Are these the worksheets about interrogatives? Will your students learn how to identify them? Yes.

Interrogatives are sentences that ask a question. Your students can use these activity sheets to learn all about interrogatives and the vocabulary words that signal them. Activities include distinguishing between interrogative and declarative sentences, rewriting sentences to form interrogatives, creating interrogative sentences from a given prompt, unscrambling sentences to form questions, and more. Answer sheets have been included for instructors when necessary, but please note that some answers will vary by student.

Fun Fact: The song "96 Tears" was recorded by Question Mark and the Mysterians. There's a rumor that lead singer Rudy Martinez legally changed his name to "?".

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Print Interrogative Worksheets

Click the buttons to print each worksheet and associated answer key.

Declarative or Interrogative Worksheet

Declarative or Interrogative?

Read each sentence. Is it a declarative sentence or an interrogative sentence? Circle the correct ending punctuation.

Make it a Question Worksheet

Make it a Question

Rewrite each declarative sentence below as a question.

What Is It Worksheet

Is it Interrogative?

Read each sentence below. If it is a question, put a question mark (?) on the line. If it is a statement, put a period (.) on the line.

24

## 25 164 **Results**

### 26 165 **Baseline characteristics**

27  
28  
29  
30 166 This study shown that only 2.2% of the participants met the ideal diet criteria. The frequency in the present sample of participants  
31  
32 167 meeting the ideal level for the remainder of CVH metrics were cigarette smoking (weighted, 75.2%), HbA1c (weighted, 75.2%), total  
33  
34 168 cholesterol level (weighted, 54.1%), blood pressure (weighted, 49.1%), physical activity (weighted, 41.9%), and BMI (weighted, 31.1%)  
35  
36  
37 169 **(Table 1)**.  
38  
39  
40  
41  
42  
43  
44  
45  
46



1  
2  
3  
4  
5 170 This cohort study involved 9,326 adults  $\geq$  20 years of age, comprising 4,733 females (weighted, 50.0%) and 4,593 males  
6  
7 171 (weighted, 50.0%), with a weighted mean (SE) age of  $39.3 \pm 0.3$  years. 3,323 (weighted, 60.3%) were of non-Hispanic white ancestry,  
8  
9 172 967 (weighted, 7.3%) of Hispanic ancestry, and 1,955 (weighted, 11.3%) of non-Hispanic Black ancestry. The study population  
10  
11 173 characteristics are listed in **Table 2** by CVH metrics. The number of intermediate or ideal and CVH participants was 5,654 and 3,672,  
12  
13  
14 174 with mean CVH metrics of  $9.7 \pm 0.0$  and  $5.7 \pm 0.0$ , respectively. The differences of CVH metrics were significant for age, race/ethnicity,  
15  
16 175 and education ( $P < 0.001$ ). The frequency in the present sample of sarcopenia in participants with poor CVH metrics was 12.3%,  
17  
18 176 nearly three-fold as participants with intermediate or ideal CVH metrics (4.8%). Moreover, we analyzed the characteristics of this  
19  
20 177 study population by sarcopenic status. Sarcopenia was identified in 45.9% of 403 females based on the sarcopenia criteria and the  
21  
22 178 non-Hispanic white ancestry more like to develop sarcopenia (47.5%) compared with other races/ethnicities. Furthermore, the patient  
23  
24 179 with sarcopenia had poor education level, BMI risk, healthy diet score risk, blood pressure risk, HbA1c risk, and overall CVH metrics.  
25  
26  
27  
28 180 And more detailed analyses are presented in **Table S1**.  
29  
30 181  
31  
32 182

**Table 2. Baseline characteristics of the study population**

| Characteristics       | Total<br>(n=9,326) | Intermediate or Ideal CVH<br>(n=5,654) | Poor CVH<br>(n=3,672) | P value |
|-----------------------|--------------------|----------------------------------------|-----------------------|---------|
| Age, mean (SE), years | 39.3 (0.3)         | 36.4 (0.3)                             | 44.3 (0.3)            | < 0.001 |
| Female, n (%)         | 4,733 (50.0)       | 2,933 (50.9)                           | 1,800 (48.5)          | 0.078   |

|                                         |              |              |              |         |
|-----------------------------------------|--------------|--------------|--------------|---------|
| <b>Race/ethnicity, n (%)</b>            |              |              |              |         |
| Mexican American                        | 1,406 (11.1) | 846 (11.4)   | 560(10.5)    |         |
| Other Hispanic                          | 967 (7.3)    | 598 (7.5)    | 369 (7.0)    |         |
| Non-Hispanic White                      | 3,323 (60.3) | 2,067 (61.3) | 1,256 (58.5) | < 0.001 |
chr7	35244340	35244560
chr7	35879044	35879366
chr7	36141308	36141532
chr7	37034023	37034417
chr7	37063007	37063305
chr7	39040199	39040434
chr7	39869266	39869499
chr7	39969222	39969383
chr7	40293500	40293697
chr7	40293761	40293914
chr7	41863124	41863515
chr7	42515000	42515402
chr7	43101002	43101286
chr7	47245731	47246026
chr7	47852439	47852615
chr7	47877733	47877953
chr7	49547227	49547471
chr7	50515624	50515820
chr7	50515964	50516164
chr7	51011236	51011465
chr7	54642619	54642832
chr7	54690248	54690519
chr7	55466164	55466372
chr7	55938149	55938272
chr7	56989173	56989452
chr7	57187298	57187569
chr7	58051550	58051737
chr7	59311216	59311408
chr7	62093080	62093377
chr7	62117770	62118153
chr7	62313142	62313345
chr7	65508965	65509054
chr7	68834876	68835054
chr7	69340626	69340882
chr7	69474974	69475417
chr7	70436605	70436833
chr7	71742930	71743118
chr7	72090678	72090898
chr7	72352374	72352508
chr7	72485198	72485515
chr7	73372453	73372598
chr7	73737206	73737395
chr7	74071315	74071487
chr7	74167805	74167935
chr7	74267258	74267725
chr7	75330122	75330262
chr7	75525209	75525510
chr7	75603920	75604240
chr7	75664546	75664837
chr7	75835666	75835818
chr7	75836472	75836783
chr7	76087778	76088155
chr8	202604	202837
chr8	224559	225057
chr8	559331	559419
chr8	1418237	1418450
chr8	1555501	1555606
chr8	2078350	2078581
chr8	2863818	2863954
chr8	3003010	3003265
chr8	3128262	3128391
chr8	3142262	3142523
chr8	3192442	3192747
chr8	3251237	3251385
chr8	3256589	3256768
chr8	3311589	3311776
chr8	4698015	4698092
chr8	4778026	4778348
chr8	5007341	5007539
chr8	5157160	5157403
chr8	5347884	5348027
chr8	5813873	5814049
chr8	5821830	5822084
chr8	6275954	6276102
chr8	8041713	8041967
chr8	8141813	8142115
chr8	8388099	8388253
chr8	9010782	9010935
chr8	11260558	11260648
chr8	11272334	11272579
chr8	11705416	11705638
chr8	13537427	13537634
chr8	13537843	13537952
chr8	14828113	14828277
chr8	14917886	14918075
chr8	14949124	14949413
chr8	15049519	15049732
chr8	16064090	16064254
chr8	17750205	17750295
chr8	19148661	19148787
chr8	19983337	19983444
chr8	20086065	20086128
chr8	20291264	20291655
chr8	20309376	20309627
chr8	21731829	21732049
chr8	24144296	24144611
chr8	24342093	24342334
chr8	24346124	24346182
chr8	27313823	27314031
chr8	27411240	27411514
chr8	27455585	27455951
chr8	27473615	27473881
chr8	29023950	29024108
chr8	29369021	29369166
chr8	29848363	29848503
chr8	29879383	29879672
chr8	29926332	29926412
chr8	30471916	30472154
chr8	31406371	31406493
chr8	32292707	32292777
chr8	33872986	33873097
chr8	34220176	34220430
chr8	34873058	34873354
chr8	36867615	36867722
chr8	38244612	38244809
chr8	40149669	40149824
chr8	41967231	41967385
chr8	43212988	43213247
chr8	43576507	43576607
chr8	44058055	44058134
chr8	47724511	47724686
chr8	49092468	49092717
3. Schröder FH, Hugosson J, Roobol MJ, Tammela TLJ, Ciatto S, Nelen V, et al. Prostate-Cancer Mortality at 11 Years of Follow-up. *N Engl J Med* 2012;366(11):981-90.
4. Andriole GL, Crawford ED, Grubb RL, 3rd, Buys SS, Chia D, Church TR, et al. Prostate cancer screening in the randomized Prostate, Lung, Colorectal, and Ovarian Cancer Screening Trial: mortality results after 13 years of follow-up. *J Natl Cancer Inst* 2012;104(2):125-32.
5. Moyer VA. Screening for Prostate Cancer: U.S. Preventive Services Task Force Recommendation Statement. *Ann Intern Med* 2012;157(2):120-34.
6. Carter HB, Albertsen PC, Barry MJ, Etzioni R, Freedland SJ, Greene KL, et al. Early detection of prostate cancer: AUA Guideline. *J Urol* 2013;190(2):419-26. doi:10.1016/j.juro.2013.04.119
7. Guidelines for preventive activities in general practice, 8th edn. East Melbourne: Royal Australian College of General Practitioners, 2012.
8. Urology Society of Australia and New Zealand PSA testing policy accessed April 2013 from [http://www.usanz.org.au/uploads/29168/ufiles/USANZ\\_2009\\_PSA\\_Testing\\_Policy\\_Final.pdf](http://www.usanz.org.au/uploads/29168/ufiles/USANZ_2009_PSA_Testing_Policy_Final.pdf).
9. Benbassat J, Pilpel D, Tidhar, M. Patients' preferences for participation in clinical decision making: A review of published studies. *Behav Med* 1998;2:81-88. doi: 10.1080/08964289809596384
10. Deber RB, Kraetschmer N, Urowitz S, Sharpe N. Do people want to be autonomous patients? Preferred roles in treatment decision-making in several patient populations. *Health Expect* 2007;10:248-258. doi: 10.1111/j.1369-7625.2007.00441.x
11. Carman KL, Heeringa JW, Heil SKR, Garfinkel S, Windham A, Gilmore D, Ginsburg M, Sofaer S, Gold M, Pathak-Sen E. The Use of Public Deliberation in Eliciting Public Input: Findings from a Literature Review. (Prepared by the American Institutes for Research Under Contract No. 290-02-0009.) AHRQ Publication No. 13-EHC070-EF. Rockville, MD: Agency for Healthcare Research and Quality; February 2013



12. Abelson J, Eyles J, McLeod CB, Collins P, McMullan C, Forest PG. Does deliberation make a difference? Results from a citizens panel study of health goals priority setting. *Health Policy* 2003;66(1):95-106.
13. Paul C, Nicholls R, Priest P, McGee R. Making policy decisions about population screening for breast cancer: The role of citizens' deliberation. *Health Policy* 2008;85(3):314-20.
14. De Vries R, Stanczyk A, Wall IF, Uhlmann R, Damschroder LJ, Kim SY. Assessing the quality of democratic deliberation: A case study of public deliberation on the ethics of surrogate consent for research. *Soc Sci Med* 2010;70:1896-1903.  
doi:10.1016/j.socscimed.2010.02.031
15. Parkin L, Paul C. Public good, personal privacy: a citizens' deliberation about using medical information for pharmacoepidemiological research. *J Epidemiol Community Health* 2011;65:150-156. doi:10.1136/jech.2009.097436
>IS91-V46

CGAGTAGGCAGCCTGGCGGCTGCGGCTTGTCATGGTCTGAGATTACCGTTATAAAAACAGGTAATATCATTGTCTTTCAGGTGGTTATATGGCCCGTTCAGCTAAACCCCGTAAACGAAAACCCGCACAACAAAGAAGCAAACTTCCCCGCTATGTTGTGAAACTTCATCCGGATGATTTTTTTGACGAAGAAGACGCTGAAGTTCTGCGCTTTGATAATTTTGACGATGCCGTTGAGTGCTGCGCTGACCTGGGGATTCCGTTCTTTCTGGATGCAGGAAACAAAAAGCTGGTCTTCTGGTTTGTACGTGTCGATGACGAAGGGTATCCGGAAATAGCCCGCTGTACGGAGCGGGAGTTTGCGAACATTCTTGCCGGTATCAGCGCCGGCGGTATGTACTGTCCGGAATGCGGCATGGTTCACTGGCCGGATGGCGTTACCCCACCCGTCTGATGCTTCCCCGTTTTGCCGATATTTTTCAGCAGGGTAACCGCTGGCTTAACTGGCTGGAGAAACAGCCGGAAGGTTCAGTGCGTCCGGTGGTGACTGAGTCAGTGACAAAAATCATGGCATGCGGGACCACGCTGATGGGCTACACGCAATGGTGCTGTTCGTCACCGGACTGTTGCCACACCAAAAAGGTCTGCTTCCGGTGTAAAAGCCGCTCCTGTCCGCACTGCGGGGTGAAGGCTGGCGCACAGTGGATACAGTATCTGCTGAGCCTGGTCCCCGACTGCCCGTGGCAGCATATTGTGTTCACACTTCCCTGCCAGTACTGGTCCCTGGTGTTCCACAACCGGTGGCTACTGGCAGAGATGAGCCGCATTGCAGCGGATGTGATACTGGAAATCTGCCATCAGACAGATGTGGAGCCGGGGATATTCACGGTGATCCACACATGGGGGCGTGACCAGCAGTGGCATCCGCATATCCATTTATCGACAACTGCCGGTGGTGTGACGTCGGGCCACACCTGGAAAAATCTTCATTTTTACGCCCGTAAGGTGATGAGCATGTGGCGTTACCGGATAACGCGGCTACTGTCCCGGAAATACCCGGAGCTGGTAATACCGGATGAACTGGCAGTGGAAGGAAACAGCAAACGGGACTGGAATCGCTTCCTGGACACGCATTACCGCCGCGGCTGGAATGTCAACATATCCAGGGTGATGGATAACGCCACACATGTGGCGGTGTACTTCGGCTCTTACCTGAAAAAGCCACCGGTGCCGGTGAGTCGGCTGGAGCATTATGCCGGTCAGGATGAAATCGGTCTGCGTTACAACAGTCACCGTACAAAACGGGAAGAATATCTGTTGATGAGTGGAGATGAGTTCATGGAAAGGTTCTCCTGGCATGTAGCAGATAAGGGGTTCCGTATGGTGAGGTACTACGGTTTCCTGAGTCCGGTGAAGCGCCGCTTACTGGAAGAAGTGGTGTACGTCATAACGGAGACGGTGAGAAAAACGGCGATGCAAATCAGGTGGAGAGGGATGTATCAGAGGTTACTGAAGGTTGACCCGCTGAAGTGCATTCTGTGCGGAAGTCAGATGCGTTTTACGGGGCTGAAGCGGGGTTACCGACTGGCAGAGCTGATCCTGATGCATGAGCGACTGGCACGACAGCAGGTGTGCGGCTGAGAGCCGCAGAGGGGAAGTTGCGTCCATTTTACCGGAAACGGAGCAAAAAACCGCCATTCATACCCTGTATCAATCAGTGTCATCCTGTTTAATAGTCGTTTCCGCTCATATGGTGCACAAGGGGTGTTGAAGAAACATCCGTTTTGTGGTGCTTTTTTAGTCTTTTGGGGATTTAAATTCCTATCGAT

Interrogative Worksheet

Interrogative Sentences

Unscramble the sentences below to form questions. Write each unscrambled sentence on the line. Use correct punctuation.

Sentence Me Worksheet

Sentence Me To The End

Rewrite each sentence so that it is a question.

Writing Questions Worksheet

Writing Questions

Rewrite each of the following sentences as a question. Change the word order and (in some cases) the form of the verb as necessary.

Punctuate Me Worksheet

Punctuate Me

Add the correct punctuation to the end of each sentence. On the line, write whether the sentence is declarative or interrogative.

What Ends Worksheet

What Ends It?

Read each sentence. Add the correct punctuation. Is it declarative or interrogative? Write your answer on the line.

Find the Question Worksheet

Find the Question

Circle the sentence in each pair that is a question.

Kind of Sentence Worksheet

What Kind of Sentence?

Read each sentence. Circle whether it is declarative or interrogative. Punctuate it.

Writing Questions Worksheet

Writing Questions

Write an interrogative sentence about each subject below. Be sure to punctuate correctly.

Writing Worksheet

Writing Interrogative Sentences

Write an interrogative sentence about each subject below. Be sure to punctuate correctly.

Questions Words Worksheet

Questions Words

Complete each interrogative sentence.

Make a Question Worksheet

Make a Question

Write an interrogative sentence about each subject below. Be sure to punctuate correctly.

My Classmate Worksheet

My Classmate

Get to know your classmates by asking each other questions! First, using the question word prompt, write a question on each card. Cut out your cards. Now mingle with your classmates! Take turns asking and answering your questions.

How to Compose Interrogative Sentences

Interrogative sentences are question-based statements. In other words, sentences that ask some question (and have a question mark at the end) are considered this. Their types include direct and indirect, beginning with and without pronouns, comprising yes/no interrogatives, featuring tag questions, having alternative questions, etc.